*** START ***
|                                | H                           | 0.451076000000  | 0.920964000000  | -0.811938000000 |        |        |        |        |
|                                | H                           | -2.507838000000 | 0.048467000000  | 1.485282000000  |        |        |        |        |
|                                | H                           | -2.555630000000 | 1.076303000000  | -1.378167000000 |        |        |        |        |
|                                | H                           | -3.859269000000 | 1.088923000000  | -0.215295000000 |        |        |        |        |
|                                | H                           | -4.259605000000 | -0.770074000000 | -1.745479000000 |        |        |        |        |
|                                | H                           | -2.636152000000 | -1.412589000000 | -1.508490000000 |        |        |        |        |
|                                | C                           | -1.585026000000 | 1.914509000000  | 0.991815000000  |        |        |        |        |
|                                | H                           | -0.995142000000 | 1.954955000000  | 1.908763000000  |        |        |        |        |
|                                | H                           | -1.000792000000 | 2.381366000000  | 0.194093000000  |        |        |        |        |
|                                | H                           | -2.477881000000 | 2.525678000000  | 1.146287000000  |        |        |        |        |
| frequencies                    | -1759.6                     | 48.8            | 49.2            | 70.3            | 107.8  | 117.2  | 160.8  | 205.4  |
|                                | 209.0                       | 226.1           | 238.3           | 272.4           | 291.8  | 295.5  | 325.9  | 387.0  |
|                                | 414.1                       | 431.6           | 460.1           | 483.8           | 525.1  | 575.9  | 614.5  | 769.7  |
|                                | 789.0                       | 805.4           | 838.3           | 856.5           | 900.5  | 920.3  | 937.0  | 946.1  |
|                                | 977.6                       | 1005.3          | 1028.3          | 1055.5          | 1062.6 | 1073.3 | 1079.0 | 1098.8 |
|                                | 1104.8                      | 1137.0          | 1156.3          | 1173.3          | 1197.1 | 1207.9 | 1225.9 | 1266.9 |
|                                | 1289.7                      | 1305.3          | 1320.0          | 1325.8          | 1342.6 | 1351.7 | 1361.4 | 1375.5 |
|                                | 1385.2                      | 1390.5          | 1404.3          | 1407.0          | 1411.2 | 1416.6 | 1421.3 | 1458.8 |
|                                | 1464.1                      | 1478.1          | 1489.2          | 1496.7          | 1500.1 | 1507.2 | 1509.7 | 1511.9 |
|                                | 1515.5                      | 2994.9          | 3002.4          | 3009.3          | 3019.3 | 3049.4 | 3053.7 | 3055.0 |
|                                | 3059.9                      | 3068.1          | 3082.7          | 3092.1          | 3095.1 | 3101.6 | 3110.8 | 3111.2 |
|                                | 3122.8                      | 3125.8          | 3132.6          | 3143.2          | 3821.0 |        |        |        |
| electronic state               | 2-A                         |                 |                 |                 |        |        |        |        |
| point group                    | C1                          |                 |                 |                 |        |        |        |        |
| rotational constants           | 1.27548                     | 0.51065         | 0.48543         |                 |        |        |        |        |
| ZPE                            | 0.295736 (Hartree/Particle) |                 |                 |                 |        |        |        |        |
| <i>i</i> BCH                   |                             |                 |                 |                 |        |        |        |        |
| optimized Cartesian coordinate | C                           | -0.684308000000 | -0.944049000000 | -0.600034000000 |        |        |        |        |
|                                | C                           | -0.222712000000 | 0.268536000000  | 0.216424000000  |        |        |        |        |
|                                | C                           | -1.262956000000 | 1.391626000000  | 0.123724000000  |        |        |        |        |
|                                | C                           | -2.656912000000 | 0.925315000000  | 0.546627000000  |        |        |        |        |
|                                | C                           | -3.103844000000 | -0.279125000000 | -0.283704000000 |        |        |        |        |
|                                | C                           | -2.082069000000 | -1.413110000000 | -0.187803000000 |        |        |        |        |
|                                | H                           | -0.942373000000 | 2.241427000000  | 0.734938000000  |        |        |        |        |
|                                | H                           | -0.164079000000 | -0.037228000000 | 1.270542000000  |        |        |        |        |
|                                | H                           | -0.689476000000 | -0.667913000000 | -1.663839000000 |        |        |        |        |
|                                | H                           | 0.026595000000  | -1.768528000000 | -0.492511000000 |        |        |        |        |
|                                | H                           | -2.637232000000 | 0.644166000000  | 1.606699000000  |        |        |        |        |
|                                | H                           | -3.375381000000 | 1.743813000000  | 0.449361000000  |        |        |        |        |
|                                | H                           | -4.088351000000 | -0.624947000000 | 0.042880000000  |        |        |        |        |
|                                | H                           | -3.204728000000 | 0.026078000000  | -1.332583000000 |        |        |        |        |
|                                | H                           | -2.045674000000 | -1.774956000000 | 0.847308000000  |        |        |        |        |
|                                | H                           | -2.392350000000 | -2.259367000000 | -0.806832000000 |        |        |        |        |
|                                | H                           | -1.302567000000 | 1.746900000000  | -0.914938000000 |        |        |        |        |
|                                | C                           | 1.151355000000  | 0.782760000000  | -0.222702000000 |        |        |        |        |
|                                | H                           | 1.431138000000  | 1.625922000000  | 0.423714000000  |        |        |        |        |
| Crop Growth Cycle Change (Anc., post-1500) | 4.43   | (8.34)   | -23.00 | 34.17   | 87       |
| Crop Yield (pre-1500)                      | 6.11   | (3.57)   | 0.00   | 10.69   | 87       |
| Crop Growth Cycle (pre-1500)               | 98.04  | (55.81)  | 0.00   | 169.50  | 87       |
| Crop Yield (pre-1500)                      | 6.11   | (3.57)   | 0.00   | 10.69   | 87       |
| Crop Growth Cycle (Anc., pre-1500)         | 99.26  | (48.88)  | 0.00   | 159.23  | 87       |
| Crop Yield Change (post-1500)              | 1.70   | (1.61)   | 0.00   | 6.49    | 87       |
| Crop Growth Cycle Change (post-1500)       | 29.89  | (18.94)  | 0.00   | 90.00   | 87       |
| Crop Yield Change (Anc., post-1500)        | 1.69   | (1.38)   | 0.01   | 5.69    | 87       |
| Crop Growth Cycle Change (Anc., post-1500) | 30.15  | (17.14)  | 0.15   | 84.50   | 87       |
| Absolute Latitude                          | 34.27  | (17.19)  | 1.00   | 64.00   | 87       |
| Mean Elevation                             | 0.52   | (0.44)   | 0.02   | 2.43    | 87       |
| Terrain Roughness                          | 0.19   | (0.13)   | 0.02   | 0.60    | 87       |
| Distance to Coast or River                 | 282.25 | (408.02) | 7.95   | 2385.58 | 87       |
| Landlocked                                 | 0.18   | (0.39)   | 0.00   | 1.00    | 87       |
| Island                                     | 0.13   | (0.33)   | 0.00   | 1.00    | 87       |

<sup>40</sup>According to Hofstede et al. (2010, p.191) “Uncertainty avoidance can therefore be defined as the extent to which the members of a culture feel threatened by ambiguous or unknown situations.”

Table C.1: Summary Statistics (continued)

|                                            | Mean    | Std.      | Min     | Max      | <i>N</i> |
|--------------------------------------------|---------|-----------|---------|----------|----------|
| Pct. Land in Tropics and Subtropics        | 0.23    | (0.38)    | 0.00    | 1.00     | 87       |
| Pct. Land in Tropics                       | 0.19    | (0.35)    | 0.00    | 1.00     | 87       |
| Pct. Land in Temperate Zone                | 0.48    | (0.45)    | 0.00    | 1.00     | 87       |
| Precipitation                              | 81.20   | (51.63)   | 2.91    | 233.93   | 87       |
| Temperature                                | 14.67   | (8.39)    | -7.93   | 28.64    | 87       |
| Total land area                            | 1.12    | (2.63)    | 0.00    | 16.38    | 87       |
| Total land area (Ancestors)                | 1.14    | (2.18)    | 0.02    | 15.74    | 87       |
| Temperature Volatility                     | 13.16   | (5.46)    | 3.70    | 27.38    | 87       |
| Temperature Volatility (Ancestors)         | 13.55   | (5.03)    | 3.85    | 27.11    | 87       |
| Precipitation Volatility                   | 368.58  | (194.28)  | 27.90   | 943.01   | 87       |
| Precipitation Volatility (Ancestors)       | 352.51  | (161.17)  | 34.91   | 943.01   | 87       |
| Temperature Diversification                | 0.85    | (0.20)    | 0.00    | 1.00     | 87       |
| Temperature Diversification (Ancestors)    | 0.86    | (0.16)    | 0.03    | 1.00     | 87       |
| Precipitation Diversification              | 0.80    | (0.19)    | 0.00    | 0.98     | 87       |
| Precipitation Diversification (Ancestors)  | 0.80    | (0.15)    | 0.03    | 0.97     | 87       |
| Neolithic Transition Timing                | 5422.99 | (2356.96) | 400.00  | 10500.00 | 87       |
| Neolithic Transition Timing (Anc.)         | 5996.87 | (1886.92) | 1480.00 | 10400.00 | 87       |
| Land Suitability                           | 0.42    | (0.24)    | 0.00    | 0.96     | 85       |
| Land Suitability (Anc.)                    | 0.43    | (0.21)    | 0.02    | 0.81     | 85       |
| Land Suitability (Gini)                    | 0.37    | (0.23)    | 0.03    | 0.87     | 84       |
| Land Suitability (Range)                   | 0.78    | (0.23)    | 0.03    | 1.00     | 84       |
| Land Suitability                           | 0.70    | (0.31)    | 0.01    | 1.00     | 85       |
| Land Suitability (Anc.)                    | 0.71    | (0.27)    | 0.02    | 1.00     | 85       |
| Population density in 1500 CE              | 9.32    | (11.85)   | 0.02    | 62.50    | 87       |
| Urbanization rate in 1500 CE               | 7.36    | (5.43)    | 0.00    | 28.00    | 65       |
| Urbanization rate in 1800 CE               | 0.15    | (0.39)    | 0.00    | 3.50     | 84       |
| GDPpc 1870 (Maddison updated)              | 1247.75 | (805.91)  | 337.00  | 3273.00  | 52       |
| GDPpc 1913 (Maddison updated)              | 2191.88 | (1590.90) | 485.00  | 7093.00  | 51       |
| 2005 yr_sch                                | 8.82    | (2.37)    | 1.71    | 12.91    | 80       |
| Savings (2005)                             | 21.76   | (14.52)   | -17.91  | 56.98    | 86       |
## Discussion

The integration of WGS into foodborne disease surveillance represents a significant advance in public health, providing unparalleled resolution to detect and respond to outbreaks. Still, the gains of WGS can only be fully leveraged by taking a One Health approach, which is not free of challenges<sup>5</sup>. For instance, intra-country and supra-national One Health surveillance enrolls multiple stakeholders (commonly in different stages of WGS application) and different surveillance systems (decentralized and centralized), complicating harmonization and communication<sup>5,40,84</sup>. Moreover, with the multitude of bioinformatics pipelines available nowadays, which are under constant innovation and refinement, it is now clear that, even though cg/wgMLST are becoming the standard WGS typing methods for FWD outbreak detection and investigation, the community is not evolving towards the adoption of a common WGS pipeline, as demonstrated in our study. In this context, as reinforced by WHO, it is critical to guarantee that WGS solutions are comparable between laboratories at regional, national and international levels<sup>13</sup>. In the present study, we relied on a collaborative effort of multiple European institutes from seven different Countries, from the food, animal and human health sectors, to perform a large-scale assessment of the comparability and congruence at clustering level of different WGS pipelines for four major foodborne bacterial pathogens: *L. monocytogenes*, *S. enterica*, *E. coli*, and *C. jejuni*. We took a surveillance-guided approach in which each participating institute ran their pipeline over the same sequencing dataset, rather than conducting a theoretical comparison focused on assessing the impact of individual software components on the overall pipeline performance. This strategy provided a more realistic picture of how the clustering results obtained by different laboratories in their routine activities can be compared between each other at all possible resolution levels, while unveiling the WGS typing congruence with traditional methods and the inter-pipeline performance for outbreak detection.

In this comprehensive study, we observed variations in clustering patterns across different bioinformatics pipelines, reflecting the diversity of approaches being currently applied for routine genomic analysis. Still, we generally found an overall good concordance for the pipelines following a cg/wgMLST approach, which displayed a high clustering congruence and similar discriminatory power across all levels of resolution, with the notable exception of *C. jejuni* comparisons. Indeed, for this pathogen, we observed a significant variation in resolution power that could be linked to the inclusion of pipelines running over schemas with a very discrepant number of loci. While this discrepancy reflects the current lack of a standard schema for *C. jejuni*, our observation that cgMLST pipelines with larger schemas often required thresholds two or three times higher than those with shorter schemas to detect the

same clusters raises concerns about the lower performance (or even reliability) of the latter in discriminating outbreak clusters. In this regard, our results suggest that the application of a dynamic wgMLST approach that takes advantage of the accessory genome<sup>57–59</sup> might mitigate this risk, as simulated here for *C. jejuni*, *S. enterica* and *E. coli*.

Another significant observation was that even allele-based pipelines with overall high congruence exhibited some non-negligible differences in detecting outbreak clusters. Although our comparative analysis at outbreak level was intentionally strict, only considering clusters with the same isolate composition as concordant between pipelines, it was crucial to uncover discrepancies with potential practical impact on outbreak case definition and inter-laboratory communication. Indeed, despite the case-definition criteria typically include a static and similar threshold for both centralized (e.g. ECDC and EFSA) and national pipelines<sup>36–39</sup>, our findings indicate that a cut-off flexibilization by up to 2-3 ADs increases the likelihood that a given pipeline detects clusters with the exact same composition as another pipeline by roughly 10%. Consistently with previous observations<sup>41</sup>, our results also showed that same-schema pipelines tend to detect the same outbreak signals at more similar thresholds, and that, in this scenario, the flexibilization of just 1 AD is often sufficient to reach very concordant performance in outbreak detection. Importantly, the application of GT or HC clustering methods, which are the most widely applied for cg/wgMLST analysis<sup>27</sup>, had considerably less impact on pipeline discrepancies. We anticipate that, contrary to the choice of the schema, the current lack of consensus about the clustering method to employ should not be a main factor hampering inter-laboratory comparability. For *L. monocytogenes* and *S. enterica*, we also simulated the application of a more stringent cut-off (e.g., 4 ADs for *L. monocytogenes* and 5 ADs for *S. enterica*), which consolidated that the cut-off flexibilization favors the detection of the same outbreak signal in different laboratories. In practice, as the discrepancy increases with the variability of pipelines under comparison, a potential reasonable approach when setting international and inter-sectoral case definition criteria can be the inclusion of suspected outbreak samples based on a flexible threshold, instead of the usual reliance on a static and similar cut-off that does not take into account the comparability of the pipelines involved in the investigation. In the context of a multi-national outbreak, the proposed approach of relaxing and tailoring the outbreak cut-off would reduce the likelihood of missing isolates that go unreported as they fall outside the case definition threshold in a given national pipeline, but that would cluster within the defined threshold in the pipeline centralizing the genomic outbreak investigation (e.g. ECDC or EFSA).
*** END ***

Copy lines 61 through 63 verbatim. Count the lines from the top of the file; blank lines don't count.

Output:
| Island                                     | 0.13   | (0.33)   | 0.00   | 1.00    | 87       |

<sup>40</sup>According to Hofstede et al. (2010, p.191) “Uncertainty avoidance can therefore be defined as the extent to which the members of a culture feel threatened by ambiguous or unknown situations.”

Table C.1: Summary Statistics (continued)